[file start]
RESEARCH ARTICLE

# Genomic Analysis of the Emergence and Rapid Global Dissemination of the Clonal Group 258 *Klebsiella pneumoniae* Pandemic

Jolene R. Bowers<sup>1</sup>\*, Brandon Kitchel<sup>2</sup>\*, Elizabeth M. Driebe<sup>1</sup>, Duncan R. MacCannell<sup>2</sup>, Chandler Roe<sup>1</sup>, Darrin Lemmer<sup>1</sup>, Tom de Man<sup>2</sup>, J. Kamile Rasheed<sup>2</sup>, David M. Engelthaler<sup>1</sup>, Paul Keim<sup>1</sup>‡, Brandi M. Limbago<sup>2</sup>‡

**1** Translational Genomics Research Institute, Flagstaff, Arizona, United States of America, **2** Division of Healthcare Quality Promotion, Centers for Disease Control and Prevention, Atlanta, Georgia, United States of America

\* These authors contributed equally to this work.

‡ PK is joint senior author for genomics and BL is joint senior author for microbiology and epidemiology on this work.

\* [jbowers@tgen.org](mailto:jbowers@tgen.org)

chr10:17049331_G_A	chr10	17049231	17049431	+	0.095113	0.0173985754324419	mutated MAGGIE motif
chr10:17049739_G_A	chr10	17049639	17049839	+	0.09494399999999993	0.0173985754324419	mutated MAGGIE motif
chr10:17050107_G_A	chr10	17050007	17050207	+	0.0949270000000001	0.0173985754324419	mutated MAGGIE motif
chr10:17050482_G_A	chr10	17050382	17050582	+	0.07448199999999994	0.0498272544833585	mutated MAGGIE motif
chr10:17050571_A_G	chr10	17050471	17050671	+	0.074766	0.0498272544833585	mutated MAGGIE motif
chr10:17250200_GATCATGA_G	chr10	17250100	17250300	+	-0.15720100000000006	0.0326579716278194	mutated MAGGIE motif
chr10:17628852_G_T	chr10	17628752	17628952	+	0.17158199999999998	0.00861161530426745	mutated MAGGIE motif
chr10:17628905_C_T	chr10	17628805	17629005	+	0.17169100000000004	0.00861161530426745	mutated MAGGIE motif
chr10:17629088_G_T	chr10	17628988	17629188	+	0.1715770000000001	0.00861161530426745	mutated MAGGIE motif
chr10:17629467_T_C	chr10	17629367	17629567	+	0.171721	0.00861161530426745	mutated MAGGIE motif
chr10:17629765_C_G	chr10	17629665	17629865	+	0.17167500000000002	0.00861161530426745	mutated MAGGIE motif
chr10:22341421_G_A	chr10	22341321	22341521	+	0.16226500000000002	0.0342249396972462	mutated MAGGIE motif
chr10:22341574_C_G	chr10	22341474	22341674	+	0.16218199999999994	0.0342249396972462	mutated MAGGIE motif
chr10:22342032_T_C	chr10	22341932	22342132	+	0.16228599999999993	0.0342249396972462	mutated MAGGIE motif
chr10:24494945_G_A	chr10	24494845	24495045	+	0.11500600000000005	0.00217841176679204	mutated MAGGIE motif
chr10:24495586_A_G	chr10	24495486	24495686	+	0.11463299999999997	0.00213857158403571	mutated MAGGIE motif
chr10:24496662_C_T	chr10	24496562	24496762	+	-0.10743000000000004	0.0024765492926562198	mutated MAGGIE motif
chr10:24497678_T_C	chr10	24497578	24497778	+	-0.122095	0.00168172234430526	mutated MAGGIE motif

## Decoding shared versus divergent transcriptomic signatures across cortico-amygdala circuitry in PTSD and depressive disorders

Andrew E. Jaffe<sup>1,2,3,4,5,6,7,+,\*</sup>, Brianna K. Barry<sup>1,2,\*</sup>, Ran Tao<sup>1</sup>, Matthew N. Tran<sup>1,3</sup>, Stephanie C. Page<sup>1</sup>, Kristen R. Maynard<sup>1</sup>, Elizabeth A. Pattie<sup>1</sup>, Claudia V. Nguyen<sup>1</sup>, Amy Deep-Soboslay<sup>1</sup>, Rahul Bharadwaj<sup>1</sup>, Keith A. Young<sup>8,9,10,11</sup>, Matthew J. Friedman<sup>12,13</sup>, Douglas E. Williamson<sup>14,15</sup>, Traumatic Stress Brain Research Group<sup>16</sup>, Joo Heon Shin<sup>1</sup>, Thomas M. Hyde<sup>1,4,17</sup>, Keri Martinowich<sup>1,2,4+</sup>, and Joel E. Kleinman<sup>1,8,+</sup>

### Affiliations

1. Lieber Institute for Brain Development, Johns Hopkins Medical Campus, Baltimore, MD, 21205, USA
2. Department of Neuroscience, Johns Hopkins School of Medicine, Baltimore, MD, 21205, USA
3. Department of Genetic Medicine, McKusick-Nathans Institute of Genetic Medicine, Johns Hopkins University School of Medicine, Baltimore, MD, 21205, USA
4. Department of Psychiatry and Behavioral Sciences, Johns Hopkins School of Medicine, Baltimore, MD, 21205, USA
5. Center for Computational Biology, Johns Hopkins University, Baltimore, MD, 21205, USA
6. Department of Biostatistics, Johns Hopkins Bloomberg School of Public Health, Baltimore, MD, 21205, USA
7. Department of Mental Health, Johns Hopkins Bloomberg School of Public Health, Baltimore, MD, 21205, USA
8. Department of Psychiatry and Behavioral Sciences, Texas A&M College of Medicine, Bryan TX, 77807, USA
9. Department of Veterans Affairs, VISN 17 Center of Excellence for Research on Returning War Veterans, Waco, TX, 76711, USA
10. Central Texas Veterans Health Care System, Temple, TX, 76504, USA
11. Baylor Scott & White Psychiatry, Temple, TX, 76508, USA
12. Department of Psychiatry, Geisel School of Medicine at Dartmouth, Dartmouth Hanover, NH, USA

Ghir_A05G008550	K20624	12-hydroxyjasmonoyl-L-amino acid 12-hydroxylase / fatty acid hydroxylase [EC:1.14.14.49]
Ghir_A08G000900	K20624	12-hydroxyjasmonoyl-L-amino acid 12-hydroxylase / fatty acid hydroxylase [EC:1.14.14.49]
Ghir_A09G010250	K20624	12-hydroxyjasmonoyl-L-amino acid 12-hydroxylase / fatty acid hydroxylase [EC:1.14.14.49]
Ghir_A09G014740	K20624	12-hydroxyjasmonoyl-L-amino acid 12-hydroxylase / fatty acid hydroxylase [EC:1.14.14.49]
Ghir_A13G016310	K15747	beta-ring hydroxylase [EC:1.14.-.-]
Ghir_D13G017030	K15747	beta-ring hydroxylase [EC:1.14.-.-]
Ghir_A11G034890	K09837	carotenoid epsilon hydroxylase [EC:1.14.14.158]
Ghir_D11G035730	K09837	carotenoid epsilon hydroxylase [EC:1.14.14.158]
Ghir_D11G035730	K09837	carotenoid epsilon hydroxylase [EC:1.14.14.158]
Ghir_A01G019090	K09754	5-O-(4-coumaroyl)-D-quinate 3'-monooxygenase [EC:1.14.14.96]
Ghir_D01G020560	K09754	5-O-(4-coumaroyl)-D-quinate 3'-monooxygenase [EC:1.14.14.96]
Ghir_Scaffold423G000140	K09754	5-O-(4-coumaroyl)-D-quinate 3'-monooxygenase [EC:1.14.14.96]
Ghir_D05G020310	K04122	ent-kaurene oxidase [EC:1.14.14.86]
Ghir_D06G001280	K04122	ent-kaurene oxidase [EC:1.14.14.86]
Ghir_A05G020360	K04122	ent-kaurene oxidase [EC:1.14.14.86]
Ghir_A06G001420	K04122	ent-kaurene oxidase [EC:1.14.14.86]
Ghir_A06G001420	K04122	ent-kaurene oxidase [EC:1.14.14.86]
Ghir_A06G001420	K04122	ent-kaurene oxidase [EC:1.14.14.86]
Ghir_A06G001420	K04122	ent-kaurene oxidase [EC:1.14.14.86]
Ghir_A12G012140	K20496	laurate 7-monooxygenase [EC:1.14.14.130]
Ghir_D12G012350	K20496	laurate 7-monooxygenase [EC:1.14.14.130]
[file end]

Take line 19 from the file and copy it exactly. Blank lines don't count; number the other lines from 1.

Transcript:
chr10:22341421_G_A	chr10	22341321	22341521	+	0.16226500000000002	0.0342249396972462	mutated MAGGIE motif